Two new bits of news for Hatton Research and Consulting:

First, I have decided to use the new social media network Tsu as my primary HR&C profile. I will share content, ideas, research on there that is relevant to what I do. Maybe also music reviews or whatever else I like to do. The gimmick to Tsu is that ad revenue is distributed to users (rather than the Facebook model where ad revenue is kept by Facebook). There is also an incentive to invite others, so if you want to follow my updates or join yourself, CLICK HERE.

Second, Hatton Research and Consulting is now officially an L.L.C. Thanks to all my current and future clients for making this possible.


I was able to contribute to a chapter of a book on public health that was just published. It is called Rural Public Health: Best Practices and Preventive Measures, an edited volume on public health. The editors were Jacob C. Warren and K. Bryant Smalley. My contribution, in Chapter 14, dealt with the unique challenges that Native Americans face in terms of physical and mental health.

The textbook is available from Springer Publishing Company.

I have recently received word that a paper that I extracted from my master’s thesis, entitled “Is the ‘War on Terror’ a mortality salience prime? Framing effects of counterterrorism metaphors on anti-Muslim prejudice before and after the 2013 Boston Marathon bombings” has won first place at the Southeastern Psychological Association’s annual conference, for the Committee on Equality for Professional Opportunity’s (CEPO) graduate research award.

I will be giving a presentation based on the paper at the 2014 SEPA annual conference on March 6th, 2014, in Nashville, TN.

Ink and watercolor on 11'' x 15'' paper.

Ink and watercolor on 11” x 15” paper.

I consider my primary artistic gift (if I have one at all) to be songwriting, but I have always enjoyed doing visual arts as well.  A decade-and-a-half of this means I’ve got a pile of art that I’ve done, but don’t display for space reasons.  As such, I’ve decided to put my artwork online in case anyone is interested in purchasing a piece or two.  If you are interested in it, please “like” my fan page on Facebook (the link is over on the right sidebar) and I’ll post whatever items I’ve photographed or scanned lately.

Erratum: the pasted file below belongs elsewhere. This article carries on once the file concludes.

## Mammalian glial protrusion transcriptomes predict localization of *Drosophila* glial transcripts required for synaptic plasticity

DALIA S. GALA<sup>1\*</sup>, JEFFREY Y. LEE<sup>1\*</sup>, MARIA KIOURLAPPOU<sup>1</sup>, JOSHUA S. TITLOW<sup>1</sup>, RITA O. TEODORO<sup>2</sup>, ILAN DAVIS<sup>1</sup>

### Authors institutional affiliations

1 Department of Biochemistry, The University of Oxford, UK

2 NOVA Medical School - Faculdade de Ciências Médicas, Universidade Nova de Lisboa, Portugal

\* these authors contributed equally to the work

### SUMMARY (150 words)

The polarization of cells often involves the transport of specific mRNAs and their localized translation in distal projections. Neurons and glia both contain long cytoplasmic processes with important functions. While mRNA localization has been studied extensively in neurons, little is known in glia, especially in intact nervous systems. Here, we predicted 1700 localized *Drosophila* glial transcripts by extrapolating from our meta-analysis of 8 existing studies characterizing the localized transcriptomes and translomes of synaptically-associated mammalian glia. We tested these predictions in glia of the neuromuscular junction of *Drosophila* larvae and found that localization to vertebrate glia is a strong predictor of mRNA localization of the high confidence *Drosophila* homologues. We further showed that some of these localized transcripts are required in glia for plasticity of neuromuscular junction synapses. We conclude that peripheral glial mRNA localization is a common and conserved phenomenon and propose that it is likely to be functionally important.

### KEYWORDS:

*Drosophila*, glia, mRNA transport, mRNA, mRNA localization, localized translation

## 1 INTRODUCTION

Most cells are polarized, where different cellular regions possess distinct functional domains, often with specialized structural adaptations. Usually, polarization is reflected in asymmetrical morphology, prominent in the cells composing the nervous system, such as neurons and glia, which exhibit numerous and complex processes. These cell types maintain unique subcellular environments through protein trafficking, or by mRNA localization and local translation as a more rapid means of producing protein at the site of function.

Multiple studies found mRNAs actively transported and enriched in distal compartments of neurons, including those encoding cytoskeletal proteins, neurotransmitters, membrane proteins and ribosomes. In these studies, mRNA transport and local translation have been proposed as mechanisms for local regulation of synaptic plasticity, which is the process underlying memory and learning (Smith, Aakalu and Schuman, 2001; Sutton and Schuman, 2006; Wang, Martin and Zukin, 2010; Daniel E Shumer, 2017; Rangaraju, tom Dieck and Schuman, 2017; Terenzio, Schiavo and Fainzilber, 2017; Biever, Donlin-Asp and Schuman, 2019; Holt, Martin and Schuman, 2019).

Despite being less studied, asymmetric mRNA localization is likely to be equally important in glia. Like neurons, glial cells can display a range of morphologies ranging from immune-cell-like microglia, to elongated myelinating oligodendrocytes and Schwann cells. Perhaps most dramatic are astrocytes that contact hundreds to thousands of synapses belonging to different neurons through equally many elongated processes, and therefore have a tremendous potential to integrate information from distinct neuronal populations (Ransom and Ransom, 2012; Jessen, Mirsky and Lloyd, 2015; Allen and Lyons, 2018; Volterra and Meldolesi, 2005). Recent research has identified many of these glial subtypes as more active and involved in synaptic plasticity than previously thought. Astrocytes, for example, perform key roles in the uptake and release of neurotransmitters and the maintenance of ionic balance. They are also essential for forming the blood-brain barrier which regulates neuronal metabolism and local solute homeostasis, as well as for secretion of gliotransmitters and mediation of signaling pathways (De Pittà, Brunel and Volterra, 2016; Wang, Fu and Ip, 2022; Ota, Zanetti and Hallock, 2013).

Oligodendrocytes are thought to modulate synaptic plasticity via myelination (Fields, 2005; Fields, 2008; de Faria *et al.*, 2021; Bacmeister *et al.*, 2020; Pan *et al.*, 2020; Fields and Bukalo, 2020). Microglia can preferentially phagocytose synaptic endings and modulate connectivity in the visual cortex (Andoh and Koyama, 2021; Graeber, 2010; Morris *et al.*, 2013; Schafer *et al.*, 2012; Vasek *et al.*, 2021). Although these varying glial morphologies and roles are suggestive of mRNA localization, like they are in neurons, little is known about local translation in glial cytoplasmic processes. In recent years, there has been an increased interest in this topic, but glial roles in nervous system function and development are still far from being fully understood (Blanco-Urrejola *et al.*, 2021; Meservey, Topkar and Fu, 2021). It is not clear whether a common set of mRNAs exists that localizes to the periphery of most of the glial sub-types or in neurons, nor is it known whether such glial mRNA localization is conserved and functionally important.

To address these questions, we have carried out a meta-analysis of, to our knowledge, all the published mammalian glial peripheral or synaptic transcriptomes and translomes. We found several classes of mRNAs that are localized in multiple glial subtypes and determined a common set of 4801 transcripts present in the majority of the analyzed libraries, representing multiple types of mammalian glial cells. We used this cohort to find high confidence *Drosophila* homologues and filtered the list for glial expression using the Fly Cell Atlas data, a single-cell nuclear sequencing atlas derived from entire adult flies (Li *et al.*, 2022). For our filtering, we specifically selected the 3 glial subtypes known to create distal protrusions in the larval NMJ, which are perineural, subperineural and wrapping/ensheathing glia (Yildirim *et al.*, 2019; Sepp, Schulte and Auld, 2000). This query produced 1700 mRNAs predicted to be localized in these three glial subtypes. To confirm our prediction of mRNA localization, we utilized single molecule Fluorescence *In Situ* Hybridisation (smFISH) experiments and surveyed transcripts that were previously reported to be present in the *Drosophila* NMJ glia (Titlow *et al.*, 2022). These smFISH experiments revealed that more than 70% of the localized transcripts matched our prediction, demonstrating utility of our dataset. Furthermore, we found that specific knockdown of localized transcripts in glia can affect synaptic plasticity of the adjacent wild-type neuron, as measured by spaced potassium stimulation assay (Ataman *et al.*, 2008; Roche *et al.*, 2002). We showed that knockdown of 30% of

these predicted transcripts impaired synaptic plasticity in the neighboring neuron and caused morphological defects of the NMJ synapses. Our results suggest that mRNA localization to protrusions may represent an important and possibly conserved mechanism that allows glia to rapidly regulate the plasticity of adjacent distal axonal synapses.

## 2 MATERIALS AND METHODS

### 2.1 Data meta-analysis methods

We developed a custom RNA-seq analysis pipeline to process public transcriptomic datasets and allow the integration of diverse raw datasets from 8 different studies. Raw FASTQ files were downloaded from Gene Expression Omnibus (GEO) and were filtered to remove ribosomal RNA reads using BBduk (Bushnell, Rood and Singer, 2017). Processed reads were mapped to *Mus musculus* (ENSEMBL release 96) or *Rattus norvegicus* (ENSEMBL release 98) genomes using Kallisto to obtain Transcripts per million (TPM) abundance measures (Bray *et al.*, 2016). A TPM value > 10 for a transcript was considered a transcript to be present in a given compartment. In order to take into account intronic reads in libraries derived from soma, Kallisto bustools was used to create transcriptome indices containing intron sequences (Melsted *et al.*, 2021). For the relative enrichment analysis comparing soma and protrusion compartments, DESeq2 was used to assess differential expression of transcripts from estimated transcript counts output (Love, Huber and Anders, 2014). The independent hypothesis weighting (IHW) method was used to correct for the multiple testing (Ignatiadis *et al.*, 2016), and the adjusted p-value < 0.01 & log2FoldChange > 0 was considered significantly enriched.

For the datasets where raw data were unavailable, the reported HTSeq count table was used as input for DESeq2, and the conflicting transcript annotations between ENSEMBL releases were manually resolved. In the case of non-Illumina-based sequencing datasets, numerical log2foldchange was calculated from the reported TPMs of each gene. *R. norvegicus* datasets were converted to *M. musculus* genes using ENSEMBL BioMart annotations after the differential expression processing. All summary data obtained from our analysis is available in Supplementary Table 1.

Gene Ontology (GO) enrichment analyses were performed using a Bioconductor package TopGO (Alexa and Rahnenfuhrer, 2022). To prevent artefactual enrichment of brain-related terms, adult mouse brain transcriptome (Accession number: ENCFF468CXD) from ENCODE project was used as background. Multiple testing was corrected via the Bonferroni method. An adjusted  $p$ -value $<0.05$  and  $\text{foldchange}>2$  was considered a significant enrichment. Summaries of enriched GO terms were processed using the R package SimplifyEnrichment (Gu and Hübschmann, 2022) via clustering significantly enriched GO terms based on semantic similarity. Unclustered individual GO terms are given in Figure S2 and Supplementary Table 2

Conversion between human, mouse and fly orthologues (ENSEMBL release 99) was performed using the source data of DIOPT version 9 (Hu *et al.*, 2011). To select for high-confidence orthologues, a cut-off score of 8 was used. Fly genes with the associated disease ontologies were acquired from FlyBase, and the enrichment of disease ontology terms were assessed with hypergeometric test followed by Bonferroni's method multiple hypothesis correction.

Someone posted a link to this in my Facebook newsfeed this morning, and I watched it and was very moved.  It’s a video of a homeless man being given a makeover.

When I watched it I realized how emotionally moving it is. But gosh, it’s depressing that it’s moving. I didn’t want to be the one curmudgeon on Facebook to point this out, but the whole point of the video is that we feel differently about the post-makeover man than the pre-makeover man (Buzzfeed says “They wanted to show Jim that a respectable guy was still underneath all that scruff.”). But that’s one of the biggest problems of homelessness to begin with, isn’t it? That our feelings of value toward the homeless (and actually, their feelings of value toward themselves) hinge so much on their appearance.

But let’s face it, in this world, appearances do matter. How we dress does matter, both to the way people look at us and the way we look at ourselves. So let’s recognize that, use it to the best of our abilities (to help ourselves get the “boost” that we need to fix things), but look forward to a day when we’re just as moved by the pre-makeover homeless as the clean-cut homeless who wear suits.

reddoMy brother David has a software development company called Evomobius.  While he was teaching English in Brazil, he came up with the idea to create an immersive language-learning RPG game that simulates the real world.  It’s a great idea based on sound psychological principles, so I offered to write up a short research brief as a behavioral research consultant that explains some of the science behind his idea.  If you’re interested in helping this idea come to pass, please consider visiting his Kickstarter and contributing.